It's important to mention that high centrality is a measure of collaboration and knowledge access, and does not necessarily imply in high scientific productivity. Although Mahidol University and Fiocruz published more articles than CDC, they exhibited a less collaborative behavior, and therefore had smaller degree centralities. Nonetheless, Mahidol University and Fiocruz are important representatives of research organisations from endemic countries of upper-middle-income economies that are currently hosting Phase 2 studies for a new dengue vaccine (Whitehead 2015). Their ego-networks could assist in the understanding of important aspects of their collaboration patterns that can support strategic decisions.

Mahidol University is a Thai multi-disciplinary and research-led institution with key competencies in the arts, medicine and science. Fiocruz is a science and technology organisation of the Brazilian Ministry of Health and one of the most prominent public health institutions in Latin America. The ego-networks of these two organisations (Fig. 6B-C, respectively) showed collaboration with various research institutions in common, such as the University of California, CDC and Institute Pasteur. Fiocruz collaborated with 317 institutions in the period evaluated, mostly with Brazilian universities, such as the Federal Universities of Rio de Janeiro (UFRJ), Pernambuco (UFPE) and Minas Gerais (UFMG). Mahidol University collaborated with 328 organisation in the same period, with a more frequent cooperation with government organisations, such as the National Science Technology and Development Agency (NSTDA) and the Armed Forces Research Institute of Medical Sciences (AFRIMS). AFRIMS is a joint medical research laboratory in Thailand of USA and Royal Thai Army Medical Departments focused on a large number of tropical infectious diseases. Nearly all AFRIMS research efforts are collaborations with local or regional partners (Brown & Nitayaphan 2011).

Being the two most scientifically productive organisations in dengue research, located in dengue-endemic countries, it would be expected that cooperation between Mahidol University and Fiocruz would be commonplace. However, over the period 2000-2014, no papers were co-authored by these organisations. Essentially, there is a low level of coordination and complementarity in the actions of these two public institutions. It is natural for researchers to have a greater propensity to collaborate when working in the same region because the exchange of knowledge becomes easier (Abramovsky & Simpson 2011), but a good strategy for creating a base for innovation requires a network of institutions of excellence with great knowledge intensity. A strategic alliance between them could expand the R&D process in dengue and make it more effective.

This paper has aimed to contribute to upcoming debates, decision-making and planning on dengue R&D and public health strategies by offering to the scientific community, policy makers and public health practitioners a mapping of the dengue scientific landscape worldwide. We extend methodologies currently deployed and combine bibliometrics and SNA techniques to identify the basis of knowledge production in the area and key publications, most important countries, main research areas, key players and their connections. While bibliometric methods make clear which publication, journal, research area or institution attracted most attention by measuring one-dimensional indicators, SNA shows the linkage of these elements in a knowledge domain.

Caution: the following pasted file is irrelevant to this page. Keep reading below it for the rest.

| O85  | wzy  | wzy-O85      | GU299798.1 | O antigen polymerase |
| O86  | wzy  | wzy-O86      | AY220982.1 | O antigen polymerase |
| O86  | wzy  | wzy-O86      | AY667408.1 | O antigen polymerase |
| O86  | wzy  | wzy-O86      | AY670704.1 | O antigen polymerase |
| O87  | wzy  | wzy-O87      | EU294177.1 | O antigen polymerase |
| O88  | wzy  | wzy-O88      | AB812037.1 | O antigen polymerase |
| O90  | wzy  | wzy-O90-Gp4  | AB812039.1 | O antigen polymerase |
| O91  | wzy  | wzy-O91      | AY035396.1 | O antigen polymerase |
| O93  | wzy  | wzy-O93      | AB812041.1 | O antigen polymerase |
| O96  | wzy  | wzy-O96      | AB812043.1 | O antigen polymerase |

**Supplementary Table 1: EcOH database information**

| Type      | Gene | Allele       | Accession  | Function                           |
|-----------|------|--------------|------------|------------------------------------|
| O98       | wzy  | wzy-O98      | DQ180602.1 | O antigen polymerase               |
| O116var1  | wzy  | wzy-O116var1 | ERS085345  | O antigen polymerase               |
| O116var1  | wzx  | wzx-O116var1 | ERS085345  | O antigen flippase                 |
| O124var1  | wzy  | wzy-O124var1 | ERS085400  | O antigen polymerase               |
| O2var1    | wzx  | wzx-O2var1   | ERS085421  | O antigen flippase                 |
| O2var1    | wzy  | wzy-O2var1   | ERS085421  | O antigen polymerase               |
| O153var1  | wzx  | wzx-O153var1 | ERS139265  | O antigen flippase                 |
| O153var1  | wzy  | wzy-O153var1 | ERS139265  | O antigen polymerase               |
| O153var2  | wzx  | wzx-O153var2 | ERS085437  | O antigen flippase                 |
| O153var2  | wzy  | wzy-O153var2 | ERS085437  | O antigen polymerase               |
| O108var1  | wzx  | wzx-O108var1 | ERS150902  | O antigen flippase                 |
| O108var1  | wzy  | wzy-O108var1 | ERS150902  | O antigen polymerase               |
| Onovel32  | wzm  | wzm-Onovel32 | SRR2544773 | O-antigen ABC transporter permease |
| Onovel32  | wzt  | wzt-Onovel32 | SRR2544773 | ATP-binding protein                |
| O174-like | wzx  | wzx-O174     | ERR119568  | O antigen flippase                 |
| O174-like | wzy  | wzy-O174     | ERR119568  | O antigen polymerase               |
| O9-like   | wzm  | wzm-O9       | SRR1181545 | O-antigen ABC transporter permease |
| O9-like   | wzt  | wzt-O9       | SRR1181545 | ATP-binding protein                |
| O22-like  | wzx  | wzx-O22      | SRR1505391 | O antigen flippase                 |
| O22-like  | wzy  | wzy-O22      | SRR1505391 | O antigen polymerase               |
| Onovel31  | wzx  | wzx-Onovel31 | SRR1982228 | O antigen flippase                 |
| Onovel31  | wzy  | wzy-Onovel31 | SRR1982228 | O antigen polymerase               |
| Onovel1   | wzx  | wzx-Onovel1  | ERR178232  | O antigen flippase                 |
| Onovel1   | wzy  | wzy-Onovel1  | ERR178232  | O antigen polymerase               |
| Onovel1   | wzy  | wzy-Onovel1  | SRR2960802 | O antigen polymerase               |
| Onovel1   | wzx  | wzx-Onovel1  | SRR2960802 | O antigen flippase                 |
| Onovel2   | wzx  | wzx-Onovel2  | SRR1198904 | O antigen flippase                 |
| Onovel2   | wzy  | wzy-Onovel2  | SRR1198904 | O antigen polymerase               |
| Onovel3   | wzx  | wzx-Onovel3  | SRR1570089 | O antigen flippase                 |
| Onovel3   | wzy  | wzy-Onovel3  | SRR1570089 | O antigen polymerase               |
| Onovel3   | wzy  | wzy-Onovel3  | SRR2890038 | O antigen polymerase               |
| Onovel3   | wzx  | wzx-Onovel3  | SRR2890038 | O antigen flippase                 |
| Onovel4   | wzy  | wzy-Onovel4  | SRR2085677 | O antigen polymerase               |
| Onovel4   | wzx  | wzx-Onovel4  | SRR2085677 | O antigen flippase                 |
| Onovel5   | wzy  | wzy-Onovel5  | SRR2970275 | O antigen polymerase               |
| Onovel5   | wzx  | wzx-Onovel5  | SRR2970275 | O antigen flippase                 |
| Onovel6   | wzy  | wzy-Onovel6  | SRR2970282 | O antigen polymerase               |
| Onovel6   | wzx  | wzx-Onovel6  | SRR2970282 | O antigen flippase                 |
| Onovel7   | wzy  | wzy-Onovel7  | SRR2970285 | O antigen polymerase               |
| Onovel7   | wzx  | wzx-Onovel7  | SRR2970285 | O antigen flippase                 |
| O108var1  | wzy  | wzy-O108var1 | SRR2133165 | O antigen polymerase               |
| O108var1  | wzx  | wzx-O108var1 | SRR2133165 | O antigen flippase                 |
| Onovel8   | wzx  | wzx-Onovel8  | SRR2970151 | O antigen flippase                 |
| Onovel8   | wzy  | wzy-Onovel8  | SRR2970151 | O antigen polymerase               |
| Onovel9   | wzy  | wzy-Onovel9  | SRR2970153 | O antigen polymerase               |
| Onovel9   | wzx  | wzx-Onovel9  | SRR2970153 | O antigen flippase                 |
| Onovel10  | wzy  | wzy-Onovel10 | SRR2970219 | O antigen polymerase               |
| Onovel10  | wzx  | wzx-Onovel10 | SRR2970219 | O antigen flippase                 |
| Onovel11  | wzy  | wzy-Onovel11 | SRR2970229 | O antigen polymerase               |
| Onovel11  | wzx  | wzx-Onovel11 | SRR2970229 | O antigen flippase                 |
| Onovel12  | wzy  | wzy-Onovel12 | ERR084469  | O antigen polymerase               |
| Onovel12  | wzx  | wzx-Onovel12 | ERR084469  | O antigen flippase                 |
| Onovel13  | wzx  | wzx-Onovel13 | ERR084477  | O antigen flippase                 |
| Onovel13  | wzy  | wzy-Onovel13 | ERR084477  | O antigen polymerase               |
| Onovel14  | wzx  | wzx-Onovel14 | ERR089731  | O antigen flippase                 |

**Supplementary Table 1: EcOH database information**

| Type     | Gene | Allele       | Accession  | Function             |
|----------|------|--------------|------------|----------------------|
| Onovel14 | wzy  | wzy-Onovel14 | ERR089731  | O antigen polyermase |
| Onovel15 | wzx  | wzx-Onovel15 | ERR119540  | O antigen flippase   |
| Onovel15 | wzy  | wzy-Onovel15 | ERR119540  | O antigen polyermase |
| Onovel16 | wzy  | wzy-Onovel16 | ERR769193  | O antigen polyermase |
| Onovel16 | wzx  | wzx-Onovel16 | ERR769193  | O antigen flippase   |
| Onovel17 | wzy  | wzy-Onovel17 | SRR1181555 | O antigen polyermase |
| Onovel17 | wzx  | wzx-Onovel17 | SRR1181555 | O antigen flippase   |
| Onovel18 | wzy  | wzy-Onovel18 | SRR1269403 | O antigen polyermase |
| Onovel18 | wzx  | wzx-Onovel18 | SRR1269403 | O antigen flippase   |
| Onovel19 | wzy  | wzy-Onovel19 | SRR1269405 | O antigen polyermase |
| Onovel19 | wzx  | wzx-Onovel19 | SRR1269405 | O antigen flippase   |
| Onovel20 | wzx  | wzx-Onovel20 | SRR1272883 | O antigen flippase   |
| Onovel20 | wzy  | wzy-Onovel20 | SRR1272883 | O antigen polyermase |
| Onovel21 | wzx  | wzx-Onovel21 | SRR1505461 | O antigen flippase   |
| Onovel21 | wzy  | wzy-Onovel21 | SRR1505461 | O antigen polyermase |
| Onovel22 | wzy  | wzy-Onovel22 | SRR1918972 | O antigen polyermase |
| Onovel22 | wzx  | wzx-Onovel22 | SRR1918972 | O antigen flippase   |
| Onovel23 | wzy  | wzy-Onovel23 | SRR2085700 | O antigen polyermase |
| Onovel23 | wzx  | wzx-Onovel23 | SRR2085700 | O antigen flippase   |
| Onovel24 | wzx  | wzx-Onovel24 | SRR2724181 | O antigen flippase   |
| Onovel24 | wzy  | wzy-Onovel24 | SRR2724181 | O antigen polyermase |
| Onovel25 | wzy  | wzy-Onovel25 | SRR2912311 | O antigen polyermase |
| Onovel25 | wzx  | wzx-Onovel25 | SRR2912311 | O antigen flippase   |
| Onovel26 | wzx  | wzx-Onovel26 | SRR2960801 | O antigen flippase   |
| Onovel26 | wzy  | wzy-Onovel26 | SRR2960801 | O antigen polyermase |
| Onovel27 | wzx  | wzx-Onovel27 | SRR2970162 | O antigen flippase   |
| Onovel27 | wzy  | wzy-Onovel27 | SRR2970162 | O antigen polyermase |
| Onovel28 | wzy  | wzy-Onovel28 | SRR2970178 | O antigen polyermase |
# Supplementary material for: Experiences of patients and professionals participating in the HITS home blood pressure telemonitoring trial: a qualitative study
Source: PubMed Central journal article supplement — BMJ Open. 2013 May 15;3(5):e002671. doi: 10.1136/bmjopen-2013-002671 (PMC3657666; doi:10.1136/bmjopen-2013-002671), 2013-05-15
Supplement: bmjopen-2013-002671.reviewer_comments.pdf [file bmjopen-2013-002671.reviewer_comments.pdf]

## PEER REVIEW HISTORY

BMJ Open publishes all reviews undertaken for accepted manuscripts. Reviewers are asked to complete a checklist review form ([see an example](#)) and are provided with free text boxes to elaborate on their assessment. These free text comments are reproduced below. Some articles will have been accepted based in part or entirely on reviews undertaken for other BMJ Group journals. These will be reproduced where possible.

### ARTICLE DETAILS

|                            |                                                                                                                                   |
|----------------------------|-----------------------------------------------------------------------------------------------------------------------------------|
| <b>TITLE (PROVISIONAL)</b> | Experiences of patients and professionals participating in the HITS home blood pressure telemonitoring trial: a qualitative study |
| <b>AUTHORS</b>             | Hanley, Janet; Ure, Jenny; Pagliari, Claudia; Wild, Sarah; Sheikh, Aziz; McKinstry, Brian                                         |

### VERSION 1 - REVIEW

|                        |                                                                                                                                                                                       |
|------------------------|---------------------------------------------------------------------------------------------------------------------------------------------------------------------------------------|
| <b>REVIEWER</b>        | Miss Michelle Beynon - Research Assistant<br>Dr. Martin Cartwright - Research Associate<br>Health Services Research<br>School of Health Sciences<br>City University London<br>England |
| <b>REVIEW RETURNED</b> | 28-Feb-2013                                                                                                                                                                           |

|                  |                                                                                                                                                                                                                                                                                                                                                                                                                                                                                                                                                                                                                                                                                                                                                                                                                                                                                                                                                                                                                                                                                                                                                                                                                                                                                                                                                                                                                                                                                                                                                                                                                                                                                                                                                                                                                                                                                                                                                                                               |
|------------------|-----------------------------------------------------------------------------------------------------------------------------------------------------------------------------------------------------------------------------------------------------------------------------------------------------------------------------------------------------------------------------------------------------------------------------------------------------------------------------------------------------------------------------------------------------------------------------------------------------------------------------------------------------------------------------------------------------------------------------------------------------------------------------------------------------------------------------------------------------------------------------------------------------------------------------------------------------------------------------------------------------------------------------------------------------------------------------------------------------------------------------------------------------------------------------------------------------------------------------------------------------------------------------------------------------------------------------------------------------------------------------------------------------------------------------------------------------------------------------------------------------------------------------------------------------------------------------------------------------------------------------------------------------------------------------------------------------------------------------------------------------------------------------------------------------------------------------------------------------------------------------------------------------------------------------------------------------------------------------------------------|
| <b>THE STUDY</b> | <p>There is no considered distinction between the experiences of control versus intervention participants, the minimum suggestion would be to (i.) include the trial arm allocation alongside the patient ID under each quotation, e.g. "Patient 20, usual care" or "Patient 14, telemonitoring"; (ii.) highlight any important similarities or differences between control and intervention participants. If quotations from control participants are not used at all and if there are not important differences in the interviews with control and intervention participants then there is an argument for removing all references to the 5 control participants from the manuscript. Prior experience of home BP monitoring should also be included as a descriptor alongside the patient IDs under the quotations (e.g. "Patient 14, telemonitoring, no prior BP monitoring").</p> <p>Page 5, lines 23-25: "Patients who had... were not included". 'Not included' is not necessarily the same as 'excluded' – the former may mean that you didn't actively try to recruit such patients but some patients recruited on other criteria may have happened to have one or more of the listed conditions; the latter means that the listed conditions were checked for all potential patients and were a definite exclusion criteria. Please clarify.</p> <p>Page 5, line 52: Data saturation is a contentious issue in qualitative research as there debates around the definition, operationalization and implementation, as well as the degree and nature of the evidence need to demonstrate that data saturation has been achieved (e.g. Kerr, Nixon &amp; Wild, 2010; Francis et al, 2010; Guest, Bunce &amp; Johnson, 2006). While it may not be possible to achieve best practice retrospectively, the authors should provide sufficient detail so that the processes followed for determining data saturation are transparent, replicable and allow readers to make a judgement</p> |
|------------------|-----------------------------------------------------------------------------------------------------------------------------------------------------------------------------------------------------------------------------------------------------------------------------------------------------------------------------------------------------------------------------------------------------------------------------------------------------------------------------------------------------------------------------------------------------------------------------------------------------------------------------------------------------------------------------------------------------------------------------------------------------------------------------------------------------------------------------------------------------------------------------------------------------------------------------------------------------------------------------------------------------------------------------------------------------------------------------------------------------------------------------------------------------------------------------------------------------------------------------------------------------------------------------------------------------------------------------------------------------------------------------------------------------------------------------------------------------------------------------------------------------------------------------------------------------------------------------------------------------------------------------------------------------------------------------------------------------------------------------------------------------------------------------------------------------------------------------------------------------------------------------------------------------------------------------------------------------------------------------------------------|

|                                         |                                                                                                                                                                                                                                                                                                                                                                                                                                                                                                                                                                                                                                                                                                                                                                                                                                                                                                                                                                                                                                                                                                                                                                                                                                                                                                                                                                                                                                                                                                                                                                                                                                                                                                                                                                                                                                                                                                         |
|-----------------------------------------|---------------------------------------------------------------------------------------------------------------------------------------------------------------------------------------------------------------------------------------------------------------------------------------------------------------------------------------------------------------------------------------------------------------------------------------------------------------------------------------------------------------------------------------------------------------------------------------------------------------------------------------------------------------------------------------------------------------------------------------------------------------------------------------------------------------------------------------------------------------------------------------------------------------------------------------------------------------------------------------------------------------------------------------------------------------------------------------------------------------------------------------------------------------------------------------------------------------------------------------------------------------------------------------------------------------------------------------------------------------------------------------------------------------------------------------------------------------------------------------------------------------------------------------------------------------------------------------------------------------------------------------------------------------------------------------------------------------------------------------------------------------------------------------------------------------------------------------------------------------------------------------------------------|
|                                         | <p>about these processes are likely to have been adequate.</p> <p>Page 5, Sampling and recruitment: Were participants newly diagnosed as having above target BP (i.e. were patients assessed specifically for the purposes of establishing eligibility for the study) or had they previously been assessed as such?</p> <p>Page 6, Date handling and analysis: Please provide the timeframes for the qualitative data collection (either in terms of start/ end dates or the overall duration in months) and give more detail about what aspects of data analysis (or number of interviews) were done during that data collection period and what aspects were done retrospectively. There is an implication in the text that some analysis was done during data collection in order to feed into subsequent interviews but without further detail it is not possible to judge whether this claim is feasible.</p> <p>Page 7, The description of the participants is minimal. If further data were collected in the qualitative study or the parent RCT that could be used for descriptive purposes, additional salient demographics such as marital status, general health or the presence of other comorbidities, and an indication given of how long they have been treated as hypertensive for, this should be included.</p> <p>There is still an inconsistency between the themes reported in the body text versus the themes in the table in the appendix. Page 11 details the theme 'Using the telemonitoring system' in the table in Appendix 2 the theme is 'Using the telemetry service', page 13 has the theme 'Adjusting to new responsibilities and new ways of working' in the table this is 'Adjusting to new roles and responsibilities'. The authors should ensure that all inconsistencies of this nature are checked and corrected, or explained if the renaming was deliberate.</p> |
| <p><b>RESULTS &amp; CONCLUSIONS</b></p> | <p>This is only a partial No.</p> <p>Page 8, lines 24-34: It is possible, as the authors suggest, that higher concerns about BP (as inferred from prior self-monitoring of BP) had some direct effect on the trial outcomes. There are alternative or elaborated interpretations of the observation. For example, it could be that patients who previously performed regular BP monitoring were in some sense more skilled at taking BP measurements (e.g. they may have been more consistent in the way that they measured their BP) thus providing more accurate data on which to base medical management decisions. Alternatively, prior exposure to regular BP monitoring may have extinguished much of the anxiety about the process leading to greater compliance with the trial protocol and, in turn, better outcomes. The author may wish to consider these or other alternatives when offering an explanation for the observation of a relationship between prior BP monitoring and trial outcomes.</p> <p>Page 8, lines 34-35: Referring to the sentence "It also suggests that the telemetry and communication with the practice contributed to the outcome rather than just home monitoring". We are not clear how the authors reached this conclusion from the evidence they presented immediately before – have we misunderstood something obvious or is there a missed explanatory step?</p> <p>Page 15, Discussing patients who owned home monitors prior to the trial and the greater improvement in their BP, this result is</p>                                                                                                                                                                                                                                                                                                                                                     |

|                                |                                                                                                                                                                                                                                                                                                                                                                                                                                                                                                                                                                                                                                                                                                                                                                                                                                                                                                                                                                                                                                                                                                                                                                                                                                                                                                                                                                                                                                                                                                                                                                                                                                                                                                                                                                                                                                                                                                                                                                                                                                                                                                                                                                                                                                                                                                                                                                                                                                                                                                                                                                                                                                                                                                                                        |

The results showed a significant increase in dengue publications over time - mostly due to the rise of USA publications -, the predominance of research in tropical medicine, virology and infectious diseases, and USA, Brazil and Thailand as the most relevant countries. Research related to biochemistry and molecular biology was largely used to build the knowledge base in the area. The results also depict Mahidol University, Fiocruz and University of California as the main research organisations working in dengue research, while CDC is the most collaborative and therefore most central. The identification of core organisations can provide basis for engaging in dialogue with researchers and institutions actively involved in dengue research and for monitoring their scientific advances over the long term. These organisations can also act as sources of information on technology trends, help identify potential partners for cooperation and reference strategic decisions on public health investments.

These findings, along with other R&D indicators, can strengthen a knowledge platform to inform future policy, planning and funding decisions and also give useful directions to the researchers and institutions working in the area.



FM and BF contributed with the method, data collection and treatment, discussion of the results and writing of the final version of the paper; AG contributed with the method, data collection and treatment, and discussion of the results; RM contributed with the method, discussion of the results and writing of the preliminary version of the paper.



To Dr Carlos Medicis Morel, for his useful comments on the results of this paper, and the Instituto Nacional de Ciência e Tecnologia de Inovação em Doenças Negligenciadas (INCT-IDN), for institutional support. The authors also thank the Vice Presidência de Pesquisa e Laboratórios de Referência and the Centro de Estudos Estratégicos of Fundação Oswaldo Cruz, for institutional support.



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Received 19 September 2016
Accepted 23 January 2017